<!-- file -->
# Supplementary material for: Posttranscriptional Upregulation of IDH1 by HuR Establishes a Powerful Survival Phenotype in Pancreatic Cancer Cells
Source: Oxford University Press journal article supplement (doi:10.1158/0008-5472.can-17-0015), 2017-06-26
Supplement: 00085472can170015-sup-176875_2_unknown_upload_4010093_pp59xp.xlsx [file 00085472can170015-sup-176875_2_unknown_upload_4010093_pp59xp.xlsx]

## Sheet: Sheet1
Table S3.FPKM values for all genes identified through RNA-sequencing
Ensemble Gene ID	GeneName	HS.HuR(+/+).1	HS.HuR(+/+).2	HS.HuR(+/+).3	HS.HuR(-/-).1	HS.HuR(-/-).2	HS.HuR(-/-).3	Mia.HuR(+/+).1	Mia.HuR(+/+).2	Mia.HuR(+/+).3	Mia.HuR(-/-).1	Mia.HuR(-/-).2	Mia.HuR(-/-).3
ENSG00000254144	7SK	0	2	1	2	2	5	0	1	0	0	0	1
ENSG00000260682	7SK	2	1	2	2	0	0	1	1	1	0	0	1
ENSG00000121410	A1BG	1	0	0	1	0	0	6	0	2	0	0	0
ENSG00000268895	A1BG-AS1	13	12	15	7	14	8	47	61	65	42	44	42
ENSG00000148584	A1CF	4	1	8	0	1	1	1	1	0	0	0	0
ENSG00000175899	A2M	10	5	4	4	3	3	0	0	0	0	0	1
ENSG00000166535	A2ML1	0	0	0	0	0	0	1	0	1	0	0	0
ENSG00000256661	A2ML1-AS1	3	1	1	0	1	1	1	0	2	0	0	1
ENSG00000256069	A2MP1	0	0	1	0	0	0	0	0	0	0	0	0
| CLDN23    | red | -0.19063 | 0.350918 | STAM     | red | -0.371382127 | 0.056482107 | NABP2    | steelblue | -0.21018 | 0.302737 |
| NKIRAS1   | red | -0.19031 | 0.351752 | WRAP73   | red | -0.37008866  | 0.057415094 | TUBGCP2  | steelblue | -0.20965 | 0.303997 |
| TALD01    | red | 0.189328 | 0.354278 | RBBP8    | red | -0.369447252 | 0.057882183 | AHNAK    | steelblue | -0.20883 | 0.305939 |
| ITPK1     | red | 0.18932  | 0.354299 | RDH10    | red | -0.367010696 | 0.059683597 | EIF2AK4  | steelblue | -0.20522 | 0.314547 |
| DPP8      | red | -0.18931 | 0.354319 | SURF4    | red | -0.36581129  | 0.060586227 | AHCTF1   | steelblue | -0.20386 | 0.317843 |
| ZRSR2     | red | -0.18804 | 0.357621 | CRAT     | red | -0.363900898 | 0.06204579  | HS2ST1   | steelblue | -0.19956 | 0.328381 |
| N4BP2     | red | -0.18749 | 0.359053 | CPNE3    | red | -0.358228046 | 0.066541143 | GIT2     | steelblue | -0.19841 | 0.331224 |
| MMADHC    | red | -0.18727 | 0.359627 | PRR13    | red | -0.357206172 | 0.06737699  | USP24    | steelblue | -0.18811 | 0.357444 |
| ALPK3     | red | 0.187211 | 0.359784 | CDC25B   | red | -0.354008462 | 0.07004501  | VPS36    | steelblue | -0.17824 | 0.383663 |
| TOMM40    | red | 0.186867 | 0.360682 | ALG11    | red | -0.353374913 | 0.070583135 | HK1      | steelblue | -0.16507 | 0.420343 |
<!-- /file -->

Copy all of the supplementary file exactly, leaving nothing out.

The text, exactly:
# Supplementary material for: Posttranscriptional Upregulation of IDH1 by HuR Establishes a Powerful Survival Phenotype in Pancreatic Cancer Cells
Source: Oxford University Press journal article supplement (doi:10.1158/0008-5472.can-17-0015), 2017-06-26
Supplement: 00085472can170015-sup-176875_2_unknown_upload_4010093_pp59xp.xlsx [file 00085472can170015-sup-176875_2_unknown_upload_4010093_pp59xp.xlsx]

## Sheet: Sheet1
Table S3.FPKM values for all genes identified through RNA-sequencing
Ensemble Gene ID	GeneName	HS.HuR(+/+).1	HS.HuR(+/+).2	HS.HuR(+/+).3	HS.HuR(-/-).1	HS.HuR(-/-).2	HS.HuR(-/-).3	Mia.HuR(+/+).1	Mia.HuR(+/+).2	Mia.HuR(+/+).3	Mia.HuR(-/-).1	Mia.HuR(-/-).2	Mia.HuR(-/-).3
ENSG00000254144	7SK	0	2	1	2	2	5	0	1	0	0	0	1
ENSG00000260682	7SK	2	1	2	2	0	0	1	1	1	0	0	1
ENSG00000121410	A1BG	1	0	0	1	0	0	6	0	2	0	0	0
ENSG00000268895	A1BG-AS1	13	12	15	7	14	8	47	61	65	42	44	42
ENSG00000148584	A1CF	4	1	8	0	1	1	1	1	0	0	0	0
ENSG00000175899	A2M	10	5	4	4	3	3	0	0	0	0	0	1
ENSG00000166535	A2ML1	0	0	0	0	0	0	1	0	1	0	0	0
ENSG00000256661	A2ML1-AS1	3	1	1	0	1	1	1	0	2	0	0	1
ENSG00000256069	A2MP1	0	0	1	0	0	0	0	0	0	0	0	0
| CLDN23    | red | -0.19063 | 0.350918 | STAM     | red | -0.371382127 | 0.056482107 | NABP2    | steelblue | -0.21018 | 0.302737 |
| NKIRAS1   | red | -0.19031 | 0.351752 | WRAP73   | red | -0.37008866  | 0.057415094 | TUBGCP2  | steelblue | -0.20965 | 0.303997 |
| TALD01    | red | 0.189328 | 0.354278 | RBBP8    | red | -0.369447252 | 0.057882183 | AHNAK    | steelblue | -0.20883 | 0.305939 |
| ITPK1     | red | 0.18932  | 0.354299 | RDH10    | red | -0.367010696 | 0.059683597 | EIF2AK4  | steelblue | -0.20522 | 0.314547 |
| DPP8      | red | -0.18931 | 0.354319 | SURF4    | red | -0.36581129  | 0.060586227 | AHCTF1   | steelblue | -0.20386 | 0.317843 |
| ZRSR2     | red | -0.18804 | 0.357621 | CRAT     | red | -0.363900898 | 0.06204579  | HS2ST1   | steelblue | -0.19956 | 0.328381 |
| N4BP2     | red | -0.18749 | 0.359053 | CPNE3    | red | -0.358228046 | 0.066541143 | GIT2     | steelblue | -0.19841 | 0.331224 |
| MMADHC    | red | -0.18727 | 0.359627 | PRR13    | red | -0.357206172 | 0.06737699  | USP24    | steelblue | -0.18811 | 0.357444 |
| ALPK3     | red | 0.187211 | 0.359784 | CDC25B   | red | -0.354008462 | 0.07004501  | VPS36    | steelblue | -0.17824 | 0.383663 |
| TOMM40    | red | 0.186867 | 0.360682 | ALG11    | red | -0.353374913 | 0.070583135 | HK1      | steelblue | -0.16507 | 0.420343 |